“Bulgarian President Rumen Radev held one-to-one meetings here Thursday with the visiting President of Kosovo, Hashim Thaci, and of Montenegro Filip Vujanovic, said the President’s Press Secretariat. During the meetings the Bulgarian Head of State reconfirmed the resolve of his country to support the Western Balkans in all fields in the process of European integration and democratic reforms. The Presidents of Kosovo and Montenegro are here for a Conference on Stronger Regional Integration in the Balkans co-organized by the World Bank and Bulgaria. All sides confirmed their commitment to partnership in the name of stability and development in the region.” (BTA)

Milo Djukanovic, the former prime minister of Montenegro, has been hinting recently that he might be eyeing up a presidential run in 2018. Few would be surprised if he did. In his thirty-year career he has twice stood down from office, like he did last October after leading his Democratic Party of Socialists to victory, only to run again. Whether for the office of prime minister or president, he has never lost a race: since Montenegro’s independence from the Soviet Union in 1991 he has served as either one or the other for all but four years – and during those two two-year stints out of power he is widely acknowledged to have been pulling the strings backstage. His possible return in 2018 should give the EU, which Montenegro hopes to join, pause for thought. Throughout his time at the helm of power in the small Balkan country accusations of corruption, cronyism and organised-crime connections have surrounded Djukanovic. And when investigative journalists get too close to revealing those connections, there can be a price to pay. Jovo Martinovic is a Montenegrin freelance journalist who has covered stories about organised crime and war criminals for major international outlets. In 2015, while he was working on two documentaries, one on an international group of jewel thieves known as the Pink Panthers, and the other on weapons smuggling from the Balkans into France, he was arrested on charges of drug trafficking and participation in a criminal organisation. The prosecution built their case on correspondence between Martinovic and known criminals, and even though he could readily explain those contacts as forming part of his investigative work, he was held for five months before being officially indicted and then another six months in pretrial detention.” (EU OCS)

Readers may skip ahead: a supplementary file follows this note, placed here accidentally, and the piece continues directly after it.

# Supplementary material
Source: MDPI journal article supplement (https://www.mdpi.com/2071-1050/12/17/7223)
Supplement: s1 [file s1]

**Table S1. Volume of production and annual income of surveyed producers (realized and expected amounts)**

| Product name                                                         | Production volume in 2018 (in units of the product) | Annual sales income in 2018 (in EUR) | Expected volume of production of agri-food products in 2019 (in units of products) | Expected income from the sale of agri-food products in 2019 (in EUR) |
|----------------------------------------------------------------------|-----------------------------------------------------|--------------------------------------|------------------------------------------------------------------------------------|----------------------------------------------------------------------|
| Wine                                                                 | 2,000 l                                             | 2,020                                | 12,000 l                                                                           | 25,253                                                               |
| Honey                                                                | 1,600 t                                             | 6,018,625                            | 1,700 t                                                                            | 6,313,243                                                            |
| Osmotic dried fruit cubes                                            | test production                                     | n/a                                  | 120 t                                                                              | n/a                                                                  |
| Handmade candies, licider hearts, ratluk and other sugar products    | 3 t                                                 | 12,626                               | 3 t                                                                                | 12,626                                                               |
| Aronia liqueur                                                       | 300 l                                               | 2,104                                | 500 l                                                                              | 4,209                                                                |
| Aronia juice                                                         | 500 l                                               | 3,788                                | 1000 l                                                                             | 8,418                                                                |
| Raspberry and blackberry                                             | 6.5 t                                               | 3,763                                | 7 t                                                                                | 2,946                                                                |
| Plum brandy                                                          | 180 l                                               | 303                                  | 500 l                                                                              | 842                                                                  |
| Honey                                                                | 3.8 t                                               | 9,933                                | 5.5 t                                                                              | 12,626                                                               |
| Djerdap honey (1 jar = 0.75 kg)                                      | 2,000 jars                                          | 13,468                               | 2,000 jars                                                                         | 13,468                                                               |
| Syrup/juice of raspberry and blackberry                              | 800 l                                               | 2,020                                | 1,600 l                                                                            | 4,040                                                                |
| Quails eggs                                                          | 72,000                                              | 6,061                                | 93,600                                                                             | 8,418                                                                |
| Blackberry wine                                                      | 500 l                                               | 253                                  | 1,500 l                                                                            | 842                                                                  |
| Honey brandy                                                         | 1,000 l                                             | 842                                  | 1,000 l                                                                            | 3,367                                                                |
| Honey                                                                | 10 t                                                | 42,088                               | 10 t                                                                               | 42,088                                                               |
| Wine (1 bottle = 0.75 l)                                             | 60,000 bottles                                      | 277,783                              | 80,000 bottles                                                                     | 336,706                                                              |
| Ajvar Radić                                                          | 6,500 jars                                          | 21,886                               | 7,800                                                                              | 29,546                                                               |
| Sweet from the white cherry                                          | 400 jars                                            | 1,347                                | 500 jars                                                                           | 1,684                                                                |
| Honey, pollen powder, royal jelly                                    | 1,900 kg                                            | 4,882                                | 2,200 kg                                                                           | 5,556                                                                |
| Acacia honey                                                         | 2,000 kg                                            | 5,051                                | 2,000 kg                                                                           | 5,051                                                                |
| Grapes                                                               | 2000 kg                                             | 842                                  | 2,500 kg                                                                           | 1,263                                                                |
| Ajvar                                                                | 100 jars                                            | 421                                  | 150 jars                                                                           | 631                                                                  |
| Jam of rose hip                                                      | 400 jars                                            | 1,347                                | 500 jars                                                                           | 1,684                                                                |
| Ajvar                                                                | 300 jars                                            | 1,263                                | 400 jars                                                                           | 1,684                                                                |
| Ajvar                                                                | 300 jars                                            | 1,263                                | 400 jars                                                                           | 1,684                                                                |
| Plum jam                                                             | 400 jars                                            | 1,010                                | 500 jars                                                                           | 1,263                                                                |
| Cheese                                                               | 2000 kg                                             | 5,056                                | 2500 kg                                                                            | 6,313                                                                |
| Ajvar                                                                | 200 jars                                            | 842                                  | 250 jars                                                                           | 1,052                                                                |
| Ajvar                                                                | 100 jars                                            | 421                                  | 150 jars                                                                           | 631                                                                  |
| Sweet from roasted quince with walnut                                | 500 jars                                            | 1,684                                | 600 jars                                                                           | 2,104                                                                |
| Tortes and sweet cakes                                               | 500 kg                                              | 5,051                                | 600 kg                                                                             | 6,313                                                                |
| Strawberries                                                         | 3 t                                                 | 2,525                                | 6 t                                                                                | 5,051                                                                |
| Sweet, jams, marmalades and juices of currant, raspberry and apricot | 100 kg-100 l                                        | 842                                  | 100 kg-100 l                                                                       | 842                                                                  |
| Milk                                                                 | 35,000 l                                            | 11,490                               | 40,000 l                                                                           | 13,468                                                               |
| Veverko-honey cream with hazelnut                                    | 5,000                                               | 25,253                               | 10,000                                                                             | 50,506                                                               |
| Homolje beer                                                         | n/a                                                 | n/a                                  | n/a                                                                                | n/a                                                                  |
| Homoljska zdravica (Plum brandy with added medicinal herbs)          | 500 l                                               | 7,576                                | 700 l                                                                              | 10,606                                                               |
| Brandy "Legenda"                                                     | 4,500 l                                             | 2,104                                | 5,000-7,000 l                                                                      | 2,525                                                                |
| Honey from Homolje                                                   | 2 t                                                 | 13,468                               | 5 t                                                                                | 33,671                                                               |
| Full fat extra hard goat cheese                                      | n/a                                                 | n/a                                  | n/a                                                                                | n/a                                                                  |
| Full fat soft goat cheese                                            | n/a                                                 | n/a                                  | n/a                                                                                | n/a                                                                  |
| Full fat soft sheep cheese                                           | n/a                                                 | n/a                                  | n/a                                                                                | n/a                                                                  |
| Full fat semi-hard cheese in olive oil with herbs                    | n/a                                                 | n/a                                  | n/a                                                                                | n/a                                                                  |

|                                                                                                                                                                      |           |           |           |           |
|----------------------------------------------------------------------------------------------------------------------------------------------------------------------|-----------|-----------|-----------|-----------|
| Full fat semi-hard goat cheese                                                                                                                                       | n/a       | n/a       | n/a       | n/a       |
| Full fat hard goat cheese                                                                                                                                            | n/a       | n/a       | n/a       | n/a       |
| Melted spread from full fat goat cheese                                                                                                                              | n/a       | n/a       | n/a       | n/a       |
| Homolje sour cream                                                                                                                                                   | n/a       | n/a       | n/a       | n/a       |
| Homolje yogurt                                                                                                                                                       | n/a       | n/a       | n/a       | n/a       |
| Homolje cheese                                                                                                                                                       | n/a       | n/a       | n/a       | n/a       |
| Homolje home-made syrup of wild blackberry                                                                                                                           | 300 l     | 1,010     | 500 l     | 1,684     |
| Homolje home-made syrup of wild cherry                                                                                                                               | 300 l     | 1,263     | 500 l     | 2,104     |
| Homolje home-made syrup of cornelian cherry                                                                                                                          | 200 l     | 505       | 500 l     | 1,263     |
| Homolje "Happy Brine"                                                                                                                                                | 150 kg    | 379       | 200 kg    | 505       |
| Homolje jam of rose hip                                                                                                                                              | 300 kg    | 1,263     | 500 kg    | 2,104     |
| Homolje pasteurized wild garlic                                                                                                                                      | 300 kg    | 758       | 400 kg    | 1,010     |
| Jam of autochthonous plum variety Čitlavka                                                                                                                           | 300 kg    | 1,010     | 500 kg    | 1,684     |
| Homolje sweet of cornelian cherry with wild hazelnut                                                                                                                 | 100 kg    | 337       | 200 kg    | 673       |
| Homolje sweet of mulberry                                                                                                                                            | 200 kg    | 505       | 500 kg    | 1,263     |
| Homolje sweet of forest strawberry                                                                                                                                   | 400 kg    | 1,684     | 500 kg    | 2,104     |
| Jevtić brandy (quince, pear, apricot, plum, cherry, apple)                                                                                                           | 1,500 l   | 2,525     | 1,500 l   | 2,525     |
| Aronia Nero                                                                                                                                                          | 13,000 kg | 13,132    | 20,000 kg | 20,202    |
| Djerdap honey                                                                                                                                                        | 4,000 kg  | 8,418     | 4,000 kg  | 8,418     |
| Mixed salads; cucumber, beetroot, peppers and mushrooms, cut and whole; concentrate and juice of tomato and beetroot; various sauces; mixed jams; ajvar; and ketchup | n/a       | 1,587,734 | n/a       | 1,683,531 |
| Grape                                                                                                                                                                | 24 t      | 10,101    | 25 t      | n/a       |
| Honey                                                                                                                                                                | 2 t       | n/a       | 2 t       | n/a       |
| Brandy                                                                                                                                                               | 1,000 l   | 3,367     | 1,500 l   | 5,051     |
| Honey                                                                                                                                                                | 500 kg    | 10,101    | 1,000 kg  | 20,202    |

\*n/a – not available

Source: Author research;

“Tourism has generated over 900 million euros ($1.059 billion) over the first nine months of the year, which is greater than all of last year, said the Minister of Tourism and Sustainable Development Pavle Radulovic. ‘I am especially glad that I can say that the results of our tourist season have flowed in like with our expectations. The results have been significantly higher than last year, especially talking about collective accommodation for the first ten months – 892,550 tourists paid, over 17 percent when compared to last year,’ Radulovic said in an interview with the news agency Mina-Business. He said that there has been an increase in the number of overnight stays of more than ten per cent, or a total of 3.75 million from January to October.” (translated from Vijesti)